“In my day there was not a strong development programme from the union. In the early 90s it was the school system you found yourself in that had the greatest influence on your cricket. Clearly you needed to have your own drive and desire to be the best. However, I can tell you players like George Tandi did come through the development system of the union, but they were few and far between,” he says.

With cricket in Zimbabwe having lurched from one crisis to another, Pswarayi says the rebels saga, where 15 white players were sacked by the then ZCU board for staging a walk-out over a selection dispute, was “a low point for the game.”

Pswarayi says the rebels made a mistake by “trying to force the hand of the union.”

“When the wave of protest grew and change started to happen, I think certain quarters were not happy with the loss of control and they instigated the rebel walkout. My view is that Zimbabwe Cricket is a body that controls and runs cricket in the country. Every cricketing country has one. The rebels, through perhaps a player body, should have engaged the union, not make ultimatums and walkout. This was a low point for the game in Zim.”

For Zimbabwe to become world beaters, it must “rebuilt and polish a destroyed brand and put the structures back in place for us to produce excellence.”

“Zimbabwe needs to go back to the drawing board and focus on developing the game in general and the youngsters in particular,” says Pswarayi. “It is crazy to think that we are discovering talent at age of 17 and 18. It is too late to develop these guys into world-class cricketers at this time, it is far too late. Put systems in place to develop talent at age 8 to 10. This is when you get taught how to hold a cricket ball, not when you are playing club cricket.

“A serious relook must be taken at the administration and if necessary some restructuring. Slim down the administration and throw more resources at development, coaching and facilities. Cricketers are the lifeblood of the organisation, if we are not developing these, the administrators should not have jobs. If we do not develop world-class players, countries will not tour Zimbabwe, sponsors will not come forward, funding will dry up. We can see it happening now.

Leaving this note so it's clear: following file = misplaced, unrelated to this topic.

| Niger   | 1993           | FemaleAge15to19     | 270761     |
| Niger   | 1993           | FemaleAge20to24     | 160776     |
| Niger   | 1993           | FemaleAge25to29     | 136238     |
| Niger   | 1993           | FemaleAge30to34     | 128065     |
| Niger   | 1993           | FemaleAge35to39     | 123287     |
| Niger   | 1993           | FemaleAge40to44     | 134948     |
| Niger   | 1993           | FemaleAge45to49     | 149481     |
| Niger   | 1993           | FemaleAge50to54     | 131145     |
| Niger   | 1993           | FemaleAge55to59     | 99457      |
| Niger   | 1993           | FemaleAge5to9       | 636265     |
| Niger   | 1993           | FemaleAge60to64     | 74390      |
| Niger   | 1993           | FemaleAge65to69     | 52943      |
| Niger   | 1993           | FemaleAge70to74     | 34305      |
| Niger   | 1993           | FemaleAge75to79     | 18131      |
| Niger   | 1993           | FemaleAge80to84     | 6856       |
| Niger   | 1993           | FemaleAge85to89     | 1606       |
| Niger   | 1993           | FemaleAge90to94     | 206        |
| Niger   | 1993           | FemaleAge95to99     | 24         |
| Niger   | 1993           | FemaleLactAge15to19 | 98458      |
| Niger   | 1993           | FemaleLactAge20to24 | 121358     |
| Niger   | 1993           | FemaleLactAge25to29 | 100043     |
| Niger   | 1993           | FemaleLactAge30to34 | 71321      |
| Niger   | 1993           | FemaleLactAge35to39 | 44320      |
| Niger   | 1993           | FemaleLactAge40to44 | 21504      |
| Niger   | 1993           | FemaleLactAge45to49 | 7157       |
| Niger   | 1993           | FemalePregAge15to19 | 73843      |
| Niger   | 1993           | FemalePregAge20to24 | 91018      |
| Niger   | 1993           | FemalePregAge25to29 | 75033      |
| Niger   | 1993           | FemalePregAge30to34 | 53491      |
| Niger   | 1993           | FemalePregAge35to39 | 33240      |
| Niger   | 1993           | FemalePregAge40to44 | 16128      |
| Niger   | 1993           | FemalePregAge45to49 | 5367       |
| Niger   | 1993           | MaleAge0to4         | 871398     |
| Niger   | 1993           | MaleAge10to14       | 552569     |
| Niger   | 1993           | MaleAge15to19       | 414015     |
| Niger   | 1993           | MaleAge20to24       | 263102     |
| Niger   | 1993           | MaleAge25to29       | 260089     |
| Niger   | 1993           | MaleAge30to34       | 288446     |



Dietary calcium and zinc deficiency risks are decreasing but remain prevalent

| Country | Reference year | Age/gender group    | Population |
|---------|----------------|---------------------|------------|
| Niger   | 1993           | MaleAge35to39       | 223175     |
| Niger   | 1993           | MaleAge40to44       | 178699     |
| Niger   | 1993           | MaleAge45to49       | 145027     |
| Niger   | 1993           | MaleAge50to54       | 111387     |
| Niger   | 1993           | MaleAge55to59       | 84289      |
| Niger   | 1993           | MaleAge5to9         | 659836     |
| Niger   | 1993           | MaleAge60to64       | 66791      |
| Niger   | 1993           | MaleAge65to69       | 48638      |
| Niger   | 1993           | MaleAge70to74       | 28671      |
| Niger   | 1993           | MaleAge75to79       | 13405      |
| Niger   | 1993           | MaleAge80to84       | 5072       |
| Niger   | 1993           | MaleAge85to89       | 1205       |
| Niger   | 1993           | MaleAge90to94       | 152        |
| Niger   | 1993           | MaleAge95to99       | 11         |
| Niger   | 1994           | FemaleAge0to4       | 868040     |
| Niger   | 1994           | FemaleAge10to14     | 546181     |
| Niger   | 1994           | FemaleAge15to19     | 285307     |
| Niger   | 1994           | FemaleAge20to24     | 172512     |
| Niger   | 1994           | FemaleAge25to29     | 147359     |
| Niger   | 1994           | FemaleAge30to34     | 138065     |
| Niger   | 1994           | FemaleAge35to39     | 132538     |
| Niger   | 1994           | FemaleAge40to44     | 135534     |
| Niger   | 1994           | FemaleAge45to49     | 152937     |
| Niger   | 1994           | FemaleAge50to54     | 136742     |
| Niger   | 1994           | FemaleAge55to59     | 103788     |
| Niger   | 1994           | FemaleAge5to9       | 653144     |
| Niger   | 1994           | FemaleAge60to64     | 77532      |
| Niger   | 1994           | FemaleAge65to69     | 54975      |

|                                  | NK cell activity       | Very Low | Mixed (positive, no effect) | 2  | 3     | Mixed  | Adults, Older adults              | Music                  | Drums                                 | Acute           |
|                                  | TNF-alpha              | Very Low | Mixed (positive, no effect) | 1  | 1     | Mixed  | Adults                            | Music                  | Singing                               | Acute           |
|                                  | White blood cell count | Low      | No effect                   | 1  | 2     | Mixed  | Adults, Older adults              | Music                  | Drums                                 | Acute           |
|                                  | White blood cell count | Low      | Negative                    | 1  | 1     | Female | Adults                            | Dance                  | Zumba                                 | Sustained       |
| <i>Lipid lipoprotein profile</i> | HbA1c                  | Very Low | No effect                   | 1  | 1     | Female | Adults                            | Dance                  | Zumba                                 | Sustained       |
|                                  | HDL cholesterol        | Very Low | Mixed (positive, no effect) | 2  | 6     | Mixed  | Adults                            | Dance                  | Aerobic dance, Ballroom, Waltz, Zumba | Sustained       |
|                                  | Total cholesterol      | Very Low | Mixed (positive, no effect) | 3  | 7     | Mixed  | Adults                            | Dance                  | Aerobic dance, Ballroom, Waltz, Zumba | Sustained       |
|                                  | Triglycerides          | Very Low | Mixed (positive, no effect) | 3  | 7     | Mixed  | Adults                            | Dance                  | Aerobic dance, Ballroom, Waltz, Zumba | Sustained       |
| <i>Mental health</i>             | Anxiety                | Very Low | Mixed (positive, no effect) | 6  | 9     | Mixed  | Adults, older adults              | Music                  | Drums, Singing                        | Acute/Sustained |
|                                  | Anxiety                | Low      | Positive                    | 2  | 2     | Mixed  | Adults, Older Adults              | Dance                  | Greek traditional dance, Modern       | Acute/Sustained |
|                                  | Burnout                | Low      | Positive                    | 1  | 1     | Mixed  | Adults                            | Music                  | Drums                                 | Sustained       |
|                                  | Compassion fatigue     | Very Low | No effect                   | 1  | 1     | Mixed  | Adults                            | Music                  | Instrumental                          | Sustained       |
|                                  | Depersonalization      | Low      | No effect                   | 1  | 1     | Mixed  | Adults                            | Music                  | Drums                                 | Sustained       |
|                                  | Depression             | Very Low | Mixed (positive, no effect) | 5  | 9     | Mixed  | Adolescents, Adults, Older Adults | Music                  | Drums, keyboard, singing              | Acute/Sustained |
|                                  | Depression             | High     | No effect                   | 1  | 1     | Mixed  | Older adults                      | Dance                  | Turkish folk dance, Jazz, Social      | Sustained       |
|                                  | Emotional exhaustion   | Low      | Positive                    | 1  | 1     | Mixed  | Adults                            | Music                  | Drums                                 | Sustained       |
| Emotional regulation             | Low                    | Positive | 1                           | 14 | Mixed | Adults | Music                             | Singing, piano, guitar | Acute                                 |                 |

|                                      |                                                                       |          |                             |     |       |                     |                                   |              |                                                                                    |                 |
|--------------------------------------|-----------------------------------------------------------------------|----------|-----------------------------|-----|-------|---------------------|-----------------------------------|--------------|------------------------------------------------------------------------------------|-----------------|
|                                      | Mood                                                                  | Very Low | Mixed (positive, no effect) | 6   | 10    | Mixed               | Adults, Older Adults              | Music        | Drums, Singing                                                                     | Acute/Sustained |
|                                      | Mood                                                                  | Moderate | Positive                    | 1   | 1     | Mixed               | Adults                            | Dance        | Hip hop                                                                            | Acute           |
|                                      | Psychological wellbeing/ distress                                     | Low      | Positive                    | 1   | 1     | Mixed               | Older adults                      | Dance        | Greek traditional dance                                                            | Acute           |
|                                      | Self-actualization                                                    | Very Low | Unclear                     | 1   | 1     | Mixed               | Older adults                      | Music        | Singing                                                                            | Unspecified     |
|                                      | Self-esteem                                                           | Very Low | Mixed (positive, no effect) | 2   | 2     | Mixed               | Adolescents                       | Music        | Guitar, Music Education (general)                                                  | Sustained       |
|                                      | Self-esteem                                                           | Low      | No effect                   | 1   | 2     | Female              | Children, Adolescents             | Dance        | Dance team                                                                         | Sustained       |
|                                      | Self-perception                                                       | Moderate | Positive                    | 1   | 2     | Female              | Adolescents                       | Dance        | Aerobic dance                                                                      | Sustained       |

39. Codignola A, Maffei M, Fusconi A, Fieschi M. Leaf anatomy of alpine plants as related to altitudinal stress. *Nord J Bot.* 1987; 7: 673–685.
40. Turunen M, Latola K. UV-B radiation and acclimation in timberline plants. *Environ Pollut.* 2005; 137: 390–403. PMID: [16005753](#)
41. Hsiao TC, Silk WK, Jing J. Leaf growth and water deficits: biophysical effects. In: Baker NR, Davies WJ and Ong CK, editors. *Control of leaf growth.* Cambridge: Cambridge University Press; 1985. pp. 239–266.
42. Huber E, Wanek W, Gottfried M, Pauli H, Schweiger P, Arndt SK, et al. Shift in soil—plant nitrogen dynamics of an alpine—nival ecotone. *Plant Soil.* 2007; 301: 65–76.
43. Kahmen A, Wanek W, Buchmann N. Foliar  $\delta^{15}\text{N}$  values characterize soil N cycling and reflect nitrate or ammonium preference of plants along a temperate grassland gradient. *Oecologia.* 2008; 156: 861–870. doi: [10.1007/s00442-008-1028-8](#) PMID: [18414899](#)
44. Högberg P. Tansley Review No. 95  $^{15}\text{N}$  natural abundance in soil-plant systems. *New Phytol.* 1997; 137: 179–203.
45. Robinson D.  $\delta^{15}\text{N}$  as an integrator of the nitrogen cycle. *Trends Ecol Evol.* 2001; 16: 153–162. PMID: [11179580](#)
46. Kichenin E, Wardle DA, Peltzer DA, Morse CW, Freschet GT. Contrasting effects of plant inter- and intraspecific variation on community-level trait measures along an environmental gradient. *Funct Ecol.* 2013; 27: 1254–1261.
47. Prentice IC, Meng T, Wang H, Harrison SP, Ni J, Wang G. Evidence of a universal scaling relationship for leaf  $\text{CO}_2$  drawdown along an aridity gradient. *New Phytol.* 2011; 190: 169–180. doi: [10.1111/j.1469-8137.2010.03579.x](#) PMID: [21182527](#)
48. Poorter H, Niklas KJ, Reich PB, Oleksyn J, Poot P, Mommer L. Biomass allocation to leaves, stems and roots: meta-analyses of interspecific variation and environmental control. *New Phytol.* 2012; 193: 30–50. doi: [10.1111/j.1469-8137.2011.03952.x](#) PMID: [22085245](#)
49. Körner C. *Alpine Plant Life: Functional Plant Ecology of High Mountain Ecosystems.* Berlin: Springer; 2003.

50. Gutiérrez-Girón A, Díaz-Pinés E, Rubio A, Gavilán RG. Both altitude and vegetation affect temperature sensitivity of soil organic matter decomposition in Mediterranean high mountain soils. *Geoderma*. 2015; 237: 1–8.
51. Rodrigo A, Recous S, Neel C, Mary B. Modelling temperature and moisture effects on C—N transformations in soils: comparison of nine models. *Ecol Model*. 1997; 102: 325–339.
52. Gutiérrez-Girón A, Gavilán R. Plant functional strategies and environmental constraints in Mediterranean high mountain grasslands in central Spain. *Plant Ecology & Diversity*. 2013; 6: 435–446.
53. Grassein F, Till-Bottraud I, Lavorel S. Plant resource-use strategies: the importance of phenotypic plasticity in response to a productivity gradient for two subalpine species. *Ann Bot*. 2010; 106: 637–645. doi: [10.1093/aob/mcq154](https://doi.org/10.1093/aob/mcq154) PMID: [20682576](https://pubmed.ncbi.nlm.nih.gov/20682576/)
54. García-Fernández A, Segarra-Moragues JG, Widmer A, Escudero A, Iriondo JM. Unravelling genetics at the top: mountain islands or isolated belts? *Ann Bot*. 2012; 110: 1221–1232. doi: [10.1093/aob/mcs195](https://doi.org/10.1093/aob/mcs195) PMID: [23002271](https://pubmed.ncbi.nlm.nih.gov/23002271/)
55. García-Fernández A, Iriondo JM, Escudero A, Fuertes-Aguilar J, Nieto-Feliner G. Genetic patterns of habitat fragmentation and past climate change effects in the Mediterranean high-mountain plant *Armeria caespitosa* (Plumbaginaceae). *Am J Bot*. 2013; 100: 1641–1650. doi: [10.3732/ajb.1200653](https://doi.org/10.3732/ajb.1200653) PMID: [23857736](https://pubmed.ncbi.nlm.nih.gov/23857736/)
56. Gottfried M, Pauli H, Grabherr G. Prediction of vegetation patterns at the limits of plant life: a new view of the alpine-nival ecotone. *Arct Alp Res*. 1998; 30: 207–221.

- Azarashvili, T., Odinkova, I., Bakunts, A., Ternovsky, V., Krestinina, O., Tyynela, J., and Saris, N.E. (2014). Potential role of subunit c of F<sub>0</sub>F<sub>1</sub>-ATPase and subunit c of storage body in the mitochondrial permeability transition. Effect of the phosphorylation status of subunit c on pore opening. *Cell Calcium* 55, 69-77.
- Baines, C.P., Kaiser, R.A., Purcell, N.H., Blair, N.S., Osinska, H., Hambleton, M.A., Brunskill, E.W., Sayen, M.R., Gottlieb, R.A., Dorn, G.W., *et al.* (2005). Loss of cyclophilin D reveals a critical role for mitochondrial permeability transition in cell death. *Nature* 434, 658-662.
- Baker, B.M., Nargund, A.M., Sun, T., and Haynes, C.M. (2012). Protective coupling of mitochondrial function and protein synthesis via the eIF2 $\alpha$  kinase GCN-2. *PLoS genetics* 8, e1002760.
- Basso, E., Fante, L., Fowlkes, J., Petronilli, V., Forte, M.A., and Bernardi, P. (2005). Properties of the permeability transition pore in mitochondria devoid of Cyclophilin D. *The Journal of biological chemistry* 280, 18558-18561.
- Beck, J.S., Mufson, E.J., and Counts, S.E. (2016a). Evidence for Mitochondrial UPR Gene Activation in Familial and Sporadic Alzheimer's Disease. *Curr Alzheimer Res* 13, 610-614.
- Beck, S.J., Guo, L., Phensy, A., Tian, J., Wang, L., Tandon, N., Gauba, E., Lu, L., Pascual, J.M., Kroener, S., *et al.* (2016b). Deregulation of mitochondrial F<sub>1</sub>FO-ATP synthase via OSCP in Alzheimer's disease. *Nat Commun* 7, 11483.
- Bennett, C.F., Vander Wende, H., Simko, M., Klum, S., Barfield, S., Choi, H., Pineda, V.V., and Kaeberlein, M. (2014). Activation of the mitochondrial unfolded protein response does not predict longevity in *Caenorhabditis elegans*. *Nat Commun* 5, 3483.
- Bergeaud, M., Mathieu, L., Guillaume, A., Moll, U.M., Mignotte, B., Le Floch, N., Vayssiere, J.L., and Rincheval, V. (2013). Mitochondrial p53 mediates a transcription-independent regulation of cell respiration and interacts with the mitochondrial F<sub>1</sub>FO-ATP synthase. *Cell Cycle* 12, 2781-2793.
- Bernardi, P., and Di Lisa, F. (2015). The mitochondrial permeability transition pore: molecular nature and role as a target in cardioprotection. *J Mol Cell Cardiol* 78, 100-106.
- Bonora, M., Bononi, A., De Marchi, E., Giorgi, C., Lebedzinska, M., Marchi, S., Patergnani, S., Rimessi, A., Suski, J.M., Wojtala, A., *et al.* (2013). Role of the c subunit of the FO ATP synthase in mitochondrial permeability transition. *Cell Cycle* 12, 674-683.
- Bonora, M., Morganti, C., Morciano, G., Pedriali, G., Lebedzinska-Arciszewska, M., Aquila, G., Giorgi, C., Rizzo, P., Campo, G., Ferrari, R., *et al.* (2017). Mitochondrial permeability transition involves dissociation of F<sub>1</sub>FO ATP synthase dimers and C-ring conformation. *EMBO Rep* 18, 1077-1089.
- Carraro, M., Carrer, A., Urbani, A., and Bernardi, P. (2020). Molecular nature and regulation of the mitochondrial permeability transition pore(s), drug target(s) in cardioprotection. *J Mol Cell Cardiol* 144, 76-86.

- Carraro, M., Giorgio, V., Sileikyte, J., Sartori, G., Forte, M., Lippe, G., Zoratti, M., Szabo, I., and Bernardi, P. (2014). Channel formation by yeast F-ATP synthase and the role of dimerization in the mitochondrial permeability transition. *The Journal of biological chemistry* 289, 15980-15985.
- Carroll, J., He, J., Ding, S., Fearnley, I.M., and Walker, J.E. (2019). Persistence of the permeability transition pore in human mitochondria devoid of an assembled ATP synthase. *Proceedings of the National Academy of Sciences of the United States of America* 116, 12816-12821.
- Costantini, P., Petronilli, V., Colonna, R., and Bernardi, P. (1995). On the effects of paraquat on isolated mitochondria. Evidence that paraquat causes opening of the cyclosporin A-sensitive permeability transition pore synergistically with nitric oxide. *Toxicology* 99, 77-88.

“I know funding has become an issue, but I feel our guys are not nearly playing enough cricket at virtually every level of cricket from Under-15. There should more interprovincial cricket at younger levels where talent plays against talent from an earlier stage, this will also make talent spotting easier. We also need more cricket with South Africa, Namibia and Kenya at provincial and A team level for exposure to take the mystique away from touring. Invite friendly cricketing countries with large budgets like India to tour Zimbabwe and give us much needed exposure.”

Administration issues aside, the talent in the current Zimbabwe squad excites Pswarayi.

“Brendan Taylor is a world-class player with great temperament,” he says of the Zimbabwe captain before taking a closer look at other players he regards the backbone of the team. 

“Hamilton Masakadza blazed a trail as a youth. He is now as a senior who is established, but he needs to grow his average and continue to show his class.

“Tino Mawoyo. I like what I see. Very talented with a great future. An organised opening batsman.

“Then you have Vusi Sibanda. Possibly our most dangerous player on his day. Buckets of ability, perhaps he needs to be stronger mentally.

“What of Elton Chigumbura? Confident and accomplished, but his average does not do him justice. Great ability, but he needs to want it more. Very solid player.

“There is also the young pace bowler, Tendai Chatara, who is very impressive. He has a simple and strong bowling action which is good. He can possibly add another yard or two of pace if he works at it. I like his control and the bounce he extracts from the wicket.

“Then there is Tinashe Panyangara. We lost him for a few years when he had showed tremendous potential as a quick bowler who could bowl out swing. He is back a little slower, but seemingly more mature and thoughtful.”